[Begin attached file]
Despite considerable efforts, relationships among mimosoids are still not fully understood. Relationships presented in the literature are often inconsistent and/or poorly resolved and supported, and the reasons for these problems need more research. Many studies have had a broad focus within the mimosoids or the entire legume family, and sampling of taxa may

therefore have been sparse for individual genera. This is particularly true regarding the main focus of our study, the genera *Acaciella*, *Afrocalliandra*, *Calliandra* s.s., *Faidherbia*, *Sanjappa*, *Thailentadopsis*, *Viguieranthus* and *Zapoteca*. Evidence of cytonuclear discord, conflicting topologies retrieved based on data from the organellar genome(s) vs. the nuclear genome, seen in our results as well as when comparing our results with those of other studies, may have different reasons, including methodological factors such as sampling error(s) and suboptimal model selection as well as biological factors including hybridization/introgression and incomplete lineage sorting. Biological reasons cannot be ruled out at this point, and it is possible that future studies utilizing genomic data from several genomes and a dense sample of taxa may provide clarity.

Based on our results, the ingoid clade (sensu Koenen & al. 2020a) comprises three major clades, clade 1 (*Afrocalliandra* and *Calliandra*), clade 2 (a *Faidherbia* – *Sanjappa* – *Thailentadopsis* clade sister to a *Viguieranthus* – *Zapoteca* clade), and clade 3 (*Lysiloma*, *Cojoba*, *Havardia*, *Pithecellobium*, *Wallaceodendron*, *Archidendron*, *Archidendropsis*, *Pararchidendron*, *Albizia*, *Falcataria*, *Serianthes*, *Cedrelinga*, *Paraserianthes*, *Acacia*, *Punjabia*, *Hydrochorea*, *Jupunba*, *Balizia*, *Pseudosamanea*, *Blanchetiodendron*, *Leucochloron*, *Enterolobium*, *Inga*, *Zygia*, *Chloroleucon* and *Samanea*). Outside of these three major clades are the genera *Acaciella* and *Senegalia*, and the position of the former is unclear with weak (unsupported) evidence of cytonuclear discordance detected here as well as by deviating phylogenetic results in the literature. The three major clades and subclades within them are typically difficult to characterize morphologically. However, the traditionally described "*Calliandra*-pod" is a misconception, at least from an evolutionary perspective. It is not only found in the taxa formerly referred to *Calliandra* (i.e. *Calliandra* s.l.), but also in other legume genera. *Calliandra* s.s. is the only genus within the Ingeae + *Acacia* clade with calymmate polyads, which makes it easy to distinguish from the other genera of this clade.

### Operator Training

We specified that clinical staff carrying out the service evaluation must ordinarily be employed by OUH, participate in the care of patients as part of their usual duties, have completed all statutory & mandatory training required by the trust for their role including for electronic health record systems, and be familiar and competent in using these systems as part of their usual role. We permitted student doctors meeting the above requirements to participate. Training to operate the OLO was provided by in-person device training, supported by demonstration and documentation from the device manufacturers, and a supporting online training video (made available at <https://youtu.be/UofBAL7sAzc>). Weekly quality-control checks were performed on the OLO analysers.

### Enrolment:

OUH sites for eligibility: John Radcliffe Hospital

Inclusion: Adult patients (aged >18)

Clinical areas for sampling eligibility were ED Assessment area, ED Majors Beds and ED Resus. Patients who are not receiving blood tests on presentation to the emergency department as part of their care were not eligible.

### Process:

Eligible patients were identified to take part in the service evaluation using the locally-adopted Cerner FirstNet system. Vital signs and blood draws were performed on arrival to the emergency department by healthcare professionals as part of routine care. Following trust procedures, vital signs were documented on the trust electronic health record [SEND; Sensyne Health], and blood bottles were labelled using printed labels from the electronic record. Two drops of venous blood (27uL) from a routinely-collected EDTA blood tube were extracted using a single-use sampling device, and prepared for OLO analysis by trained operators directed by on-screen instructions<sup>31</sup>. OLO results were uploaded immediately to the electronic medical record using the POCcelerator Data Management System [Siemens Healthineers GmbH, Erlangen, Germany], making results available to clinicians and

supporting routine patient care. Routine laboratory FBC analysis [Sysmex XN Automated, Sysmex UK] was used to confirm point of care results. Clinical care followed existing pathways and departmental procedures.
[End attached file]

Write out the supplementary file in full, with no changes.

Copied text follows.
Despite considerable efforts, relationships among mimosoids are still not fully understood. Relationships presented in the literature are often inconsistent and/or poorly resolved and supported, and the reasons for these problems need more research. Many studies have had a broad focus within the mimosoids or the entire legume family, and sampling of taxa may

therefore have been sparse for individual genera. This is particularly true regarding the main focus of our study, the genera *Acaciella*, *Afrocalliandra*, *Calliandra* s.s., *Faidherbia*, *Sanjappa*, *Thailentadopsis*, *Viguieranthus* and *Zapoteca*. Evidence of cytonuclear discord, conflicting topologies retrieved based on data from the organellar genome(s) vs. the nuclear genome, seen in our results as well as when comparing our results with those of other studies, may have different reasons, including methodological factors such as sampling error(s) and suboptimal model selection as well as biological factors including hybridization/introgression and incomplete lineage sorting. Biological reasons cannot be ruled out at this point, and it is possible that future studies utilizing genomic data from several genomes and a dense sample of taxa may provide clarity.

Based on our results, the ingoid clade (sensu Koenen & al. 2020a) comprises three major clades, clade 1 (*Afrocalliandra* and *Calliandra*), clade 2 (a *Faidherbia* – *Sanjappa* – *Thailentadopsis* clade sister to a *Viguieranthus* – *Zapoteca* clade), and clade 3 (*Lysiloma*, *Cojoba*, *Havardia*, *Pithecellobium*, *Wallaceodendron*, *Archidendron*, *Archidendropsis*, *Pararchidendron*, *Albizia*, *Falcataria*, *Serianthes*, *Cedrelinga*, *Paraserianthes*, *Acacia*, *Punjabia*, *Hydrochorea*, *Jupunba*, *Balizia*, *Pseudosamanea*, *Blanchetiodendron*, *Leucochloron*, *Enterolobium*, *Inga*, *Zygia*, *Chloroleucon* and *Samanea*). Outside of these three major clades are the genera *Acaciella* and *Senegalia*, and the position of the former is unclear with weak (unsupported) evidence of cytonuclear discordance detected here as well as by deviating phylogenetic results in the literature. The three major clades and subclades within them are typically difficult to characterize morphologically. However, the traditionally described "*Calliandra*-pod" is a misconception, at least from an evolutionary perspective. It is not only found in the taxa formerly referred to *Calliandra* (i.e. *Calliandra* s.l.), but also in other legume genera. *Calliandra* s.s. is the only genus within the Ingeae + *Acacia* clade with calymmate polyads, which makes it easy to distinguish from the other genera of this clade.

### Operator Training

We specified that clinical staff carrying out the service evaluation must ordinarily be employed by OUH, participate in the care of patients as part of their usual duties, have completed all statutory & mandatory training required by the trust for their role including for electronic health record systems, and be familiar and competent in using these systems as part of their usual role. We permitted student doctors meeting the above requirements to participate. Training to operate the OLO was provided by in-person device training, supported by demonstration and documentation from the device manufacturers, and a supporting online training video (made available at <https://youtu.be/UofBAL7sAzc>). Weekly quality-control checks were performed on the OLO analysers.

### Enrolment:

OUH sites for eligibility: John Radcliffe Hospital

Inclusion: Adult patients (aged >18)

Clinical areas for sampling eligibility were ED Assessment area, ED Majors Beds and ED Resus. Patients who are not receiving blood tests on presentation to the emergency department as part of their care were not eligible.

### Process:

Eligible patients were identified to take part in the service evaluation using the locally-adopted Cerner FirstNet system. Vital signs and blood draws were performed on arrival to the emergency department by healthcare professionals as part of routine care. Following trust procedures, vital signs were documented on the trust electronic health record [SEND; Sensyne Health], and blood bottles were labelled using printed labels from the electronic record. Two drops of venous blood (27uL) from a routinely-collected EDTA blood tube were extracted using a single-use sampling device, and prepared for OLO analysis by trained operators directed by on-screen instructions<sup>31</sup>. OLO results were uploaded immediately to the electronic medical record using the POCcelerator Data Management System [Siemens Healthineers GmbH, Erlangen, Germany], making results available to clinicians and

supporting routine patient care. Routine laboratory FBC analysis [Sysmex XN Automated, Sysmex UK] was used to confirm point of care results. Clinical care followed existing pathways and departmental procedures.